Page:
Japan PM discusses options for US troops during Okinawa visit

CH-46E Sea Knight helicopters with Marine Medium Helicopter Squadron 265, Marine Aircraft Group 36, 1st Marine Aircraft Wing, III Marine Expeditionary Force, prepare to depart Marine Corps Air Station Futenma on March 12, 2011, to provide assistance in the wake of the earthquakes and tsunami that struck Japan.



NAHA, Okinawa — Japan and the United States are working out the details of closing some military facilities on Okinawa, Prime Minister Yoshihiko Noda said Monday during a visit here.

Noda delivered the news to local leaders and toured Camp Kinser, a Marine Corps base in Urasoe that could be shuttered, as senior U.S. and Japanese diplomats and defense officials met in Tokyo for a new round of negotiations aimed at reducing military forces on Okinawa.

The two allies announced earlier this month that they are revisiting a 2006 agreement on moving thousands of Marines to the U.S. territory of Guam and building a replacement base for Marine Corps air operations, an effort that has been delayed for years due to Okinawan opposition. As part of a new deal, Marines will be redeployed and U.S. military facilities will be closed even if the U.S. and Japan do not have Okinawa’s consent to move the Futenma air station to a new site farther north, according to a joint statement.

The effort to close bases and return land is a “concrete step toward reducing the burden on Okinawa,” which hosts about 75 percent of the U.S. military forces in Japan, Noda said during a meeting with Okinawa Gov. Hirokazu Nakaima.

The prime minister provided no time line for the return of the U.S. military property. Negotiations could take months, he said.

“Talks are currently under way between the U.S. and Japanese governments over U.S. military bases on Okinawa, including the relocation of Futenma operations, moving some Marines from Okinawa to Guam, and return of bases south of Kadena Air Base,” Noda said.

As forces are realigned, Okinawa would regain three main parcels of land, including Camp Kinser, the military’s Naha Port facility, and a portion of the central Marine Corps base of Camp Foster, according to existing plans.

The Futenma air station, located in the heart of Ginowan city, would also be returned following the relocation of aircraft and helicopters to a base to be built along the coast of Henoko.

The closures are being discussed during two days of U.S.-Japan security talks in Tokyo, which are the second round of high-level meetings regarding Okinawa since both countries announced changes to the 2006 realignment plan on Feb. 6, according to a spokesman for the Ministry of Foreign Affairs. The talks are aimed at fleshing out the details of the new agreement, which both governments have indicated will still include moving about 8,000 Marines off Okinawa.

Changes could include reducing the number of Marines redeployed to Guam to about 4,700 and sending thousands to foreign joint bases in Australia and the Philippines, as well as stationing others in Hawaii.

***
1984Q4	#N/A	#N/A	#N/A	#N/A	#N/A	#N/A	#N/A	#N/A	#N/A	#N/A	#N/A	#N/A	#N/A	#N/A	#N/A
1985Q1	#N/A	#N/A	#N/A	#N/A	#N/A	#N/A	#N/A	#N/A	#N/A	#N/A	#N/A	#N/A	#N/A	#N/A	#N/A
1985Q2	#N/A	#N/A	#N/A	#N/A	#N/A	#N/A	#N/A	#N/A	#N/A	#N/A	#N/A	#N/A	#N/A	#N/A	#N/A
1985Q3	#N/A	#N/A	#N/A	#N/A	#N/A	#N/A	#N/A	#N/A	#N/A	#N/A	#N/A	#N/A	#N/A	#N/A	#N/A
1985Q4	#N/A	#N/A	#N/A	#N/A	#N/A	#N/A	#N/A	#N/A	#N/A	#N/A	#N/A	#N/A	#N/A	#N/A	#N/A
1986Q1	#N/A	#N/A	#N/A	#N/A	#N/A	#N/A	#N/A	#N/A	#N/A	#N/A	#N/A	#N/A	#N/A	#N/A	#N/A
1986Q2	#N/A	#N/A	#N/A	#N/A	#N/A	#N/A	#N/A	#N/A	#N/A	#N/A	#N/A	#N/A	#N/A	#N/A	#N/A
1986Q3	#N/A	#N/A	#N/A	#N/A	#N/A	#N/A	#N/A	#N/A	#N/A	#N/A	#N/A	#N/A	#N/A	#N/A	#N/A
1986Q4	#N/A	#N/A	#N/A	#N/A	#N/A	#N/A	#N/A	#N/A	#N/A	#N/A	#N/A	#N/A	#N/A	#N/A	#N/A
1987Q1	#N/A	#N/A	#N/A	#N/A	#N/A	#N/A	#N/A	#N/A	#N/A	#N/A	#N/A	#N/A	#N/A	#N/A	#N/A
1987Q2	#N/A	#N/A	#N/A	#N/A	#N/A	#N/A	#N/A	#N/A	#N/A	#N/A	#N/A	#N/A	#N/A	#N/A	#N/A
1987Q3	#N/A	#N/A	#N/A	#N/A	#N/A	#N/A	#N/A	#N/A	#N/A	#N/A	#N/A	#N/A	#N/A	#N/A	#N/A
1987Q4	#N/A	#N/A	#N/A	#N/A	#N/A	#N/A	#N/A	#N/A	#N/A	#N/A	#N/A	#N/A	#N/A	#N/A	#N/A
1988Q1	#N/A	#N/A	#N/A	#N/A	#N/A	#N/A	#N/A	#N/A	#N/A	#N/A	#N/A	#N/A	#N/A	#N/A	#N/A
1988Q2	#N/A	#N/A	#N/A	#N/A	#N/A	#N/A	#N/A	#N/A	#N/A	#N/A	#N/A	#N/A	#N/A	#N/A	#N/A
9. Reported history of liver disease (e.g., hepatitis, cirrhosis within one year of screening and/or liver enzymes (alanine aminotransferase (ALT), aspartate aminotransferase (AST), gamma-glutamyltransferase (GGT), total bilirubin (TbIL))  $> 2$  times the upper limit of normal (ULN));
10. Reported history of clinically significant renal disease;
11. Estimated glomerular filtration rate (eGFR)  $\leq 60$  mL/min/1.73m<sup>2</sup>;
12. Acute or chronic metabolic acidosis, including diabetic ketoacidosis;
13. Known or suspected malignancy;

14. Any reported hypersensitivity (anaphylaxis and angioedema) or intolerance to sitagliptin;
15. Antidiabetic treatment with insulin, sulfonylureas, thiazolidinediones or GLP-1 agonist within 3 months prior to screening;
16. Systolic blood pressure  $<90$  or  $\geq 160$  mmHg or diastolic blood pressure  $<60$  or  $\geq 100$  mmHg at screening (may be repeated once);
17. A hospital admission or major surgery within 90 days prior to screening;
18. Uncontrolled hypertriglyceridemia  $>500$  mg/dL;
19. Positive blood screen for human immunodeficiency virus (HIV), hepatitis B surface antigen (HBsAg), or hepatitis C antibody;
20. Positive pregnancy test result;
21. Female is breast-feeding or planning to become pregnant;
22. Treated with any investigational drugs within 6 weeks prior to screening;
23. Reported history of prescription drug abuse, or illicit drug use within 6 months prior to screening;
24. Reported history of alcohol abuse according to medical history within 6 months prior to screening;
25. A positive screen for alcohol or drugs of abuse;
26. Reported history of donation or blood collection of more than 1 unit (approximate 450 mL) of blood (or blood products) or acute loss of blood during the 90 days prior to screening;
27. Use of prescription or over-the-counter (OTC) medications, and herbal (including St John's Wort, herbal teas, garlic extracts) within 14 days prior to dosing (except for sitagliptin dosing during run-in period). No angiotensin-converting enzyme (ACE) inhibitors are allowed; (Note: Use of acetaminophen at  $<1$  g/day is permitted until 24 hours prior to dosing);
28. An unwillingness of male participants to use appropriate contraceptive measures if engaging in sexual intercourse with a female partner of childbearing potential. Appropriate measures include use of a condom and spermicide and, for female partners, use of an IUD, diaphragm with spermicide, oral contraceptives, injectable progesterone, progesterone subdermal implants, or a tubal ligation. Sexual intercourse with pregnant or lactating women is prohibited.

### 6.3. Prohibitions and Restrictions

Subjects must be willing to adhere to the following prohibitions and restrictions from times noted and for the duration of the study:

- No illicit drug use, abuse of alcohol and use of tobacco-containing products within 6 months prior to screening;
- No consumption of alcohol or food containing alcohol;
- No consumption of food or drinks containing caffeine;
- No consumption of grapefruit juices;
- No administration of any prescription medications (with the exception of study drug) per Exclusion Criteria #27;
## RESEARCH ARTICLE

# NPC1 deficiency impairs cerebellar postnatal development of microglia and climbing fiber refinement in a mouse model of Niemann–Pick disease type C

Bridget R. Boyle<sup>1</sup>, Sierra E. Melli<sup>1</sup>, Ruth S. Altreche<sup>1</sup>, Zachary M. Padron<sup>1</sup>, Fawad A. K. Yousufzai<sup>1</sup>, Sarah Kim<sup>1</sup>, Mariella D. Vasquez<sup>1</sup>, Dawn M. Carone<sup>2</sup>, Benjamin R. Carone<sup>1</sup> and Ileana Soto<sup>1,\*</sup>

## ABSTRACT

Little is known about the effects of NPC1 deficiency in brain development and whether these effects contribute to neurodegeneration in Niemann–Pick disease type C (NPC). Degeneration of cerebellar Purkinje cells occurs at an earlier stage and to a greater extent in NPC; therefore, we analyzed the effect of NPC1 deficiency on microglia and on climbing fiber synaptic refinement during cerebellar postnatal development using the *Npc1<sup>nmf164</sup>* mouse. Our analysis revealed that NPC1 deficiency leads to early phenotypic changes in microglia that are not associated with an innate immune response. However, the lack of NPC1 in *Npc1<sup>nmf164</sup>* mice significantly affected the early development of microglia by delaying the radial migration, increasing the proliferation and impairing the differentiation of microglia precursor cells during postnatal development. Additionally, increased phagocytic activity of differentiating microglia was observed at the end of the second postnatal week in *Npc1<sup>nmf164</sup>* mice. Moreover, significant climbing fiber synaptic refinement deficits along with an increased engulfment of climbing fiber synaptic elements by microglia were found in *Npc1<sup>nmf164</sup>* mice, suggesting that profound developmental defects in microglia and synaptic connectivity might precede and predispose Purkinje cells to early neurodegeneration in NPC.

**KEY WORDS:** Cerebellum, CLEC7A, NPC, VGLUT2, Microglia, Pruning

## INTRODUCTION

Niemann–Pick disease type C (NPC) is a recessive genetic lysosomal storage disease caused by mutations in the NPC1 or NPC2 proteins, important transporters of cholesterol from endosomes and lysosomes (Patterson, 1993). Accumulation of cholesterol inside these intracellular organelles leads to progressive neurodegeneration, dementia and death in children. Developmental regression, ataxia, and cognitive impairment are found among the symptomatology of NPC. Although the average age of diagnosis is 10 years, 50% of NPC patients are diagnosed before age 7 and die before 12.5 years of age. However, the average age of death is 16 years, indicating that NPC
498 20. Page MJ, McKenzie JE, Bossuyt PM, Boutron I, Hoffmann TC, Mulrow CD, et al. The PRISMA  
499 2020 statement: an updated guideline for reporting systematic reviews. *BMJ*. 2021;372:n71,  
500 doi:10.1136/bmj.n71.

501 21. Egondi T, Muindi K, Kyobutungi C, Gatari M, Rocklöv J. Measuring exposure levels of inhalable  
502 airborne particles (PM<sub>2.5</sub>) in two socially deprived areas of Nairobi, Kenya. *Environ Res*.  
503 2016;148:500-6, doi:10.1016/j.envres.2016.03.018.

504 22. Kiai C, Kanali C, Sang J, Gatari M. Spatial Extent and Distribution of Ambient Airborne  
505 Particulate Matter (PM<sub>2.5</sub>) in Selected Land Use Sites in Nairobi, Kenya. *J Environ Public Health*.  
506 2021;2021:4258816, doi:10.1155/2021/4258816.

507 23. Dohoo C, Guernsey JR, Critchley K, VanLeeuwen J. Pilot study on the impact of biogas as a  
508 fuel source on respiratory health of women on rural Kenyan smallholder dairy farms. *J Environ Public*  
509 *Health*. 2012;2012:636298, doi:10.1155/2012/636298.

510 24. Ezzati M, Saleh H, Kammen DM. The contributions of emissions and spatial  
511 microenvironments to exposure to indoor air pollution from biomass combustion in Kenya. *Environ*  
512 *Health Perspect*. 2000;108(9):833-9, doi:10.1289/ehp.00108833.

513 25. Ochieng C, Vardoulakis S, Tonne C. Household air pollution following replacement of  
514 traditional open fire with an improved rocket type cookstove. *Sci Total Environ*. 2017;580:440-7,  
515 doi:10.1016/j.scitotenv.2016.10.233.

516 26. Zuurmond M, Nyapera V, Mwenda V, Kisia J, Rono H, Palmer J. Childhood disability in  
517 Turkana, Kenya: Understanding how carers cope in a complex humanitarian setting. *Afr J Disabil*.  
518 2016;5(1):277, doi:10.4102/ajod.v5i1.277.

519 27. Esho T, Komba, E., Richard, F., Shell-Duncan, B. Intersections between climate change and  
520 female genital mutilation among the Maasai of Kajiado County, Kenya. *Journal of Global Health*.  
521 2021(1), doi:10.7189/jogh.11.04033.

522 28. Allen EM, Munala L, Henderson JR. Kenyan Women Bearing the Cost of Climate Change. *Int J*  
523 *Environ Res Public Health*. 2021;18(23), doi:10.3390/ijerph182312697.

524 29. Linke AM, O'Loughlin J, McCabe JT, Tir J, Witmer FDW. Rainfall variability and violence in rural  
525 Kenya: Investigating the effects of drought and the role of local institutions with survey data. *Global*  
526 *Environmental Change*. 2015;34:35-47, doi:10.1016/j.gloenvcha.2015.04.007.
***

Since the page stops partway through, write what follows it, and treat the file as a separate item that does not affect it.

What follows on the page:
However, during his visit to Okinawa on Monday, Noda told local officials that there will be no changes to plans of moving Futenma operations into a new base on the island, despite the project “causing tremendous trouble and confusion.”

“What was confirmed between the U.S. and Japanese governments was that moving Futenma operations to Henoko is the only workable option,” he said.

Still, Noda reassured Nakaima that Futenma would not become a “permanent fixture” in its present location despite no clear solution to the impasse over the project.

Futenma has been the sticking point for the realignment plans since a deal was inked six years ago because many Okinawans say Marine Corps flight operations are noisy and dangerous and should be moved off the island.

Local opposition has continued to harden against the plan over the past six months even as Tokyo has stepped up efforts at pushing the relocation through.

This month, Nakaima dealt the project a hard blow when he issued an opinion that building a new air station would be environmentally devastating, despite reassurances by Tokyo to the contrary.

The move does not bode well for U.S. and Japan efforts — Noda and his administration are depending on the governor to approve construction permits for a new offshore airfield, which is a key feature of the planned Marine Corps facility.

During his meeting with Noda, Nakaima repeated the same position he has shared with the procession of central government officials that has come to the island in recent months in hopes of breaking the impasse.

“The plan to move the operations to Henoko would require enormous amount of time to make it happen,” Nakaima said during a Monday meeting with Noda. “I ask the government to look for other locations in Japan other than Okinawa.”



from around the web